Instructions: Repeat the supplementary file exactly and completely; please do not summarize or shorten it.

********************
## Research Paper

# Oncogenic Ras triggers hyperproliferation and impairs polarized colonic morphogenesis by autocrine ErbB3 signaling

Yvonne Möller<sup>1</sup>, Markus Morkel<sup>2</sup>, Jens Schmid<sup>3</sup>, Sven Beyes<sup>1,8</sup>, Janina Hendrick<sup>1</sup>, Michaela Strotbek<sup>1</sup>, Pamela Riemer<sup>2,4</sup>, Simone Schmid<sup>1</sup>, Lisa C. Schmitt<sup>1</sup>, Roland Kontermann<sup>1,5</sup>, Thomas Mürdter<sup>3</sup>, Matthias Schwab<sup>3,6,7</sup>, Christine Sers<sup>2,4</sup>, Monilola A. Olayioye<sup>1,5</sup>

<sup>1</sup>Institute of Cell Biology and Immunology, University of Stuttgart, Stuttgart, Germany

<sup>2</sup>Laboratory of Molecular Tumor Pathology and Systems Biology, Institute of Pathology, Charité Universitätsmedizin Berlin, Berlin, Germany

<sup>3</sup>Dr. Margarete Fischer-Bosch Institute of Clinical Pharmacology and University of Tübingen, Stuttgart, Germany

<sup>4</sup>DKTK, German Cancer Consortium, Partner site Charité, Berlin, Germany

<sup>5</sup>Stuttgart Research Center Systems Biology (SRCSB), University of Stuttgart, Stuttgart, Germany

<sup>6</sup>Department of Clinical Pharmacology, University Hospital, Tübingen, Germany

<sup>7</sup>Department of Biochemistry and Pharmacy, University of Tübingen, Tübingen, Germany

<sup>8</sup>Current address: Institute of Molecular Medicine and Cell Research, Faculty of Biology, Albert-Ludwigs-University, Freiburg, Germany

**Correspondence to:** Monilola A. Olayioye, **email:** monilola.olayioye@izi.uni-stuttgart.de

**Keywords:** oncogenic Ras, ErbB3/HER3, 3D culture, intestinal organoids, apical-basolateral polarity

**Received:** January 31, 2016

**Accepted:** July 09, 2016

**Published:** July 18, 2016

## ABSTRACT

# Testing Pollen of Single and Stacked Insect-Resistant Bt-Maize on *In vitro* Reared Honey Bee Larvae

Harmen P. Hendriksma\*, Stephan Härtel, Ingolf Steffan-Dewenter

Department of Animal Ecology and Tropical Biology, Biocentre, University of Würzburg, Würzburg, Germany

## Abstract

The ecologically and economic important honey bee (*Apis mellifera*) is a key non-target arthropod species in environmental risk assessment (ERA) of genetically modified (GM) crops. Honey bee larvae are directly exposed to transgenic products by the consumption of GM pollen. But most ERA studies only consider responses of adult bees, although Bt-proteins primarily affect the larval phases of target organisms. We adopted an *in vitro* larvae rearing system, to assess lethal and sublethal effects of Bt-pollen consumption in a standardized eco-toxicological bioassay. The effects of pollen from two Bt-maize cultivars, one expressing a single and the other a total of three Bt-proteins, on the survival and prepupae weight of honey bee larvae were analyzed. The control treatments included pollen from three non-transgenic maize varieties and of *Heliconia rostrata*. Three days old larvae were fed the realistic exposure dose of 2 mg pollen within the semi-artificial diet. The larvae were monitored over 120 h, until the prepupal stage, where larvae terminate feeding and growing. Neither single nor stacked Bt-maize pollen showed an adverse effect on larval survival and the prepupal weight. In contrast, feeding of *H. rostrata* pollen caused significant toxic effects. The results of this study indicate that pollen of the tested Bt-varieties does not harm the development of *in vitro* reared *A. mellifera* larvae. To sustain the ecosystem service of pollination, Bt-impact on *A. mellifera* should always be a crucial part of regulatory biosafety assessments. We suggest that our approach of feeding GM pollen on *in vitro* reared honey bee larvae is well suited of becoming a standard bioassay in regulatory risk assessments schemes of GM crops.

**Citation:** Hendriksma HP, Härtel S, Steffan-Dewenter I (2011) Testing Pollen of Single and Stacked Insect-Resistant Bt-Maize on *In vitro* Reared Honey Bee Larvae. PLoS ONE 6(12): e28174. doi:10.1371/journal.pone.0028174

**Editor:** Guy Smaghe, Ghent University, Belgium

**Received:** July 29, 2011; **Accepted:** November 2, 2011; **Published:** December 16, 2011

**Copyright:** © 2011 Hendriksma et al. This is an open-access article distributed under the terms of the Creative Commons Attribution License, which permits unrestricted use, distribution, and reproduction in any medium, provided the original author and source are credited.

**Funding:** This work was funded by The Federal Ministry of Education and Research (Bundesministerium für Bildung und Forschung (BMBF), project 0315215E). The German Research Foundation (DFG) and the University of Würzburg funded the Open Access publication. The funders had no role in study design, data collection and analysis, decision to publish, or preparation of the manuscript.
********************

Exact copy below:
## Research Paper

# Oncogenic Ras triggers hyperproliferation and impairs polarized colonic morphogenesis by autocrine ErbB3 signaling

Yvonne Möller<sup>1</sup>, Markus Morkel<sup>2</sup>, Jens Schmid<sup>3</sup>, Sven Beyes<sup>1,8</sup>, Janina Hendrick<sup>1</sup>, Michaela Strotbek<sup>1</sup>, Pamela Riemer<sup>2,4</sup>, Simone Schmid<sup>1</sup>, Lisa C. Schmitt<sup>1</sup>, Roland Kontermann<sup>1,5</sup>, Thomas Mürdter<sup>3</sup>, Matthias Schwab<sup>3,6,7</sup>, Christine Sers<sup>2,4</sup>, Monilola A. Olayioye<sup>1,5</sup>

<sup>1</sup>Institute of Cell Biology and Immunology, University of Stuttgart, Stuttgart, Germany

<sup>2</sup>Laboratory of Molecular Tumor Pathology and Systems Biology, Institute of Pathology, Charité Universitätsmedizin Berlin, Berlin, Germany

<sup>3</sup>Dr. Margarete Fischer-Bosch Institute of Clinical Pharmacology and University of Tübingen, Stuttgart, Germany

<sup>4</sup>DKTK, German Cancer Consortium, Partner site Charité, Berlin, Germany

<sup>5</sup>Stuttgart Research Center Systems Biology (SRCSB), University of Stuttgart, Stuttgart, Germany

<sup>6</sup>Department of Clinical Pharmacology, University Hospital, Tübingen, Germany

<sup>7</sup>Department of Biochemistry and Pharmacy, University of Tübingen, Tübingen, Germany

<sup>8</sup>Current address: Institute of Molecular Medicine and Cell Research, Faculty of Biology, Albert-Ludwigs-University, Freiburg, Germany

**Correspondence to:** Monilola A. Olayioye, **email:** monilola.olayioye@izi.uni-stuttgart.de

**Keywords:** oncogenic Ras, ErbB3/HER3, 3D culture, intestinal organoids, apical-basolateral polarity

**Received:** January 31, 2016

**Accepted:** July 09, 2016

**Published:** July 18, 2016

## ABSTRACT

# Testing Pollen of Single and Stacked Insect-Resistant Bt-Maize on *In vitro* Reared Honey Bee Larvae

Harmen P. Hendriksma\*, Stephan Härtel, Ingolf Steffan-Dewenter

Department of Animal Ecology and Tropical Biology, Biocentre, University of Würzburg, Würzburg, Germany

## Abstract

The ecologically and economic important honey bee (*Apis mellifera*) is a key non-target arthropod species in environmental risk assessment (ERA) of genetically modified (GM) crops. Honey bee larvae are directly exposed to transgenic products by the consumption of GM pollen. But most ERA studies only consider responses of adult bees, although Bt-proteins primarily affect the larval phases of target organisms. We adopted an *in vitro* larvae rearing system, to assess lethal and sublethal effects of Bt-pollen consumption in a standardized eco-toxicological bioassay. The effects of pollen from two Bt-maize cultivars, one expressing a single and the other a total of three Bt-proteins, on the survival and prepupae weight of honey bee larvae were analyzed. The control treatments included pollen from three non-transgenic maize varieties and of *Heliconia rostrata*. Three days old larvae were fed the realistic exposure dose of 2 mg pollen within the semi-artificial diet. The larvae were monitored over 120 h, until the prepupal stage, where larvae terminate feeding and growing. Neither single nor stacked Bt-maize pollen showed an adverse effect on larval survival and the prepupal weight. In contrast, feeding of *H. rostrata* pollen caused significant toxic effects. The results of this study indicate that pollen of the tested Bt-varieties does not harm the development of *in vitro* reared *A. mellifera* larvae. To sustain the ecosystem service of pollination, Bt-impact on *A. mellifera* should always be a crucial part of regulatory biosafety assessments. We suggest that our approach of feeding GM pollen on *in vitro* reared honey bee larvae is well suited of becoming a standard bioassay in regulatory risk assessments schemes of GM crops.

**Citation:** Hendriksma HP, Härtel S, Steffan-Dewenter I (2011) Testing Pollen of Single and Stacked Insect-Resistant Bt-Maize on *In vitro* Reared Honey Bee Larvae. PLoS ONE 6(12): e28174. doi:10.1371/journal.pone.0028174

**Editor:** Guy Smaghe, Ghent University, Belgium

**Received:** July 29, 2011; **Accepted:** November 2, 2011; **Published:** December 16, 2011

**Copyright:** © 2011 Hendriksma et al. This is an open-access article distributed under the terms of the Creative Commons Attribution License, which permits unrestricted use, distribution, and reproduction in any medium, provided the original author and source are credited.

**Funding:** This work was funded by The Federal Ministry of Education and Research (Bundesministerium für Bildung und Forschung (BMBF), project 0315215E). The German Research Foundation (DFG) and the University of Würzburg funded the Open Access publication. The funders had no role in study design, data collection and analysis, decision to publish, or preparation of the manuscript.